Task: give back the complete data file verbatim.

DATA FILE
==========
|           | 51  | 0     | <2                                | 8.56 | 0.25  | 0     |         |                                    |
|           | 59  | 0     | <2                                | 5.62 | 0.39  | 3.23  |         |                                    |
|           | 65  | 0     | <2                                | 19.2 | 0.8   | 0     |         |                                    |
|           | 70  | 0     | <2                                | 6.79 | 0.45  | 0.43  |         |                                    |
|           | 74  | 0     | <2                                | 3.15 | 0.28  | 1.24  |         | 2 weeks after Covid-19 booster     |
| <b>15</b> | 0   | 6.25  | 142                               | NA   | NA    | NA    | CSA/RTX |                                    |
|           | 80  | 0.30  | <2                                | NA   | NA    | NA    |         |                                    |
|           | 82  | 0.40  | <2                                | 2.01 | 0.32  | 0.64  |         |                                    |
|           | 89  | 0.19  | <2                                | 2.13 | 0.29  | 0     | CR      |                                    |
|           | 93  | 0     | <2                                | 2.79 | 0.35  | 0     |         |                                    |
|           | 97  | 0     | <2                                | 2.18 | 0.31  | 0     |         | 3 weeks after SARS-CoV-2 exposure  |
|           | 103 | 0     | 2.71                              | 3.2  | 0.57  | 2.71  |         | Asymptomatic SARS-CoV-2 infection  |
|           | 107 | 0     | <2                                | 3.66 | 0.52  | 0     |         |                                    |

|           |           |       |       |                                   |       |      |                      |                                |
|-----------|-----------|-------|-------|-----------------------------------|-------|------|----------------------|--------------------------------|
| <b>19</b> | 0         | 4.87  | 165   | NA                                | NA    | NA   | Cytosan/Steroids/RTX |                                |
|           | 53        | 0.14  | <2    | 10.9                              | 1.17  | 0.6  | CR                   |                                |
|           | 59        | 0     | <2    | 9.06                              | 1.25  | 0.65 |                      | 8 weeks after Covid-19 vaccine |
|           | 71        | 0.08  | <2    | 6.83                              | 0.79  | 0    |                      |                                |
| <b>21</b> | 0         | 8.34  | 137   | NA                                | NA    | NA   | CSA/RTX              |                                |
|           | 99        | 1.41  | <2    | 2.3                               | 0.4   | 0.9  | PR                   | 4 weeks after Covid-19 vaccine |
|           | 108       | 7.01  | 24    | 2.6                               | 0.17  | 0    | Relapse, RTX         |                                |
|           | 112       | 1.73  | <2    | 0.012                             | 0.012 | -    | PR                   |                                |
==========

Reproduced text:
|           | 51  | 0     | <2                                | 8.56 | 0.25  | 0     |         |                                    |
|           | 59  | 0     | <2                                | 5.62 | 0.39  | 3.23  |         |                                    |
|           | 65  | 0     | <2                                | 19.2 | 0.8   | 0     |         |                                    |
|           | 70  | 0     | <2                                | 6.79 | 0.45  | 0.43  |         |                                    |
|           | 74  | 0     | <2                                | 3.15 | 0.28  | 1.24  |         | 2 weeks after Covid-19 booster     |
| <b>15</b> | 0   | 6.25  | 142                               | NA   | NA    | NA    | CSA/RTX |                                    |
|           | 80  | 0.30  | <2                                | NA   | NA    | NA    |         |                                    |
|           | 82  | 0.40  | <2                                | 2.01 | 0.32  | 0.64  |         |                                    |
|           | 89  | 0.19  | <2                                | 2.13 | 0.29  | 0     | CR      |                                    |
|           | 93  | 0     | <2                                | 2.79 | 0.35  | 0     |         |                                    |
|           | 97  | 0     | <2                                | 2.18 | 0.31  | 0     |         | 3 weeks after SARS-CoV-2 exposure  |
|           | 103 | 0     | 2.71                              | 3.2  | 0.57  | 2.71  |         | Asymptomatic SARS-CoV-2 infection  |
|           | 107 | 0     | <2                                | 3.66 | 0.52  | 0     |         |                                    |

|           |           |       |       |                                   |       |      |                      |                                |
|-----------|-----------|-------|-------|-----------------------------------|-------|------|----------------------|--------------------------------|
| <b>19</b> | 0         | 4.87  | 165   | NA                                | NA    | NA   | Cytosan/Steroids/RTX |                                |
|           | 53        | 0.14  | <2    | 10.9                              | 1.17  | 0.6  | CR                   |                                |
|           | 59        | 0     | <2    | 9.06                              | 1.25  | 0.65 |                      | 8 weeks after Covid-19 vaccine |
|           | 71        | 0.08  | <2    | 6.83                              | 0.79  | 0    |                      |                                |
| <b>21</b> | 0         | 8.34  | 137   | NA                                | NA    | NA   | CSA/RTX              |                                |
|           | 99        | 1.41  | <2    | 2.3                               | 0.4   | 0.9  | PR                   | 4 weeks after Covid-19 vaccine |
|           | 108       | 7.01  | 24    | 2.6                               | 0.17  | 0    | Relapse, RTX         |                                |
|           | 112       | 1.73  | <2    | 0.012                             | 0.012 | -    | PR                   |                                |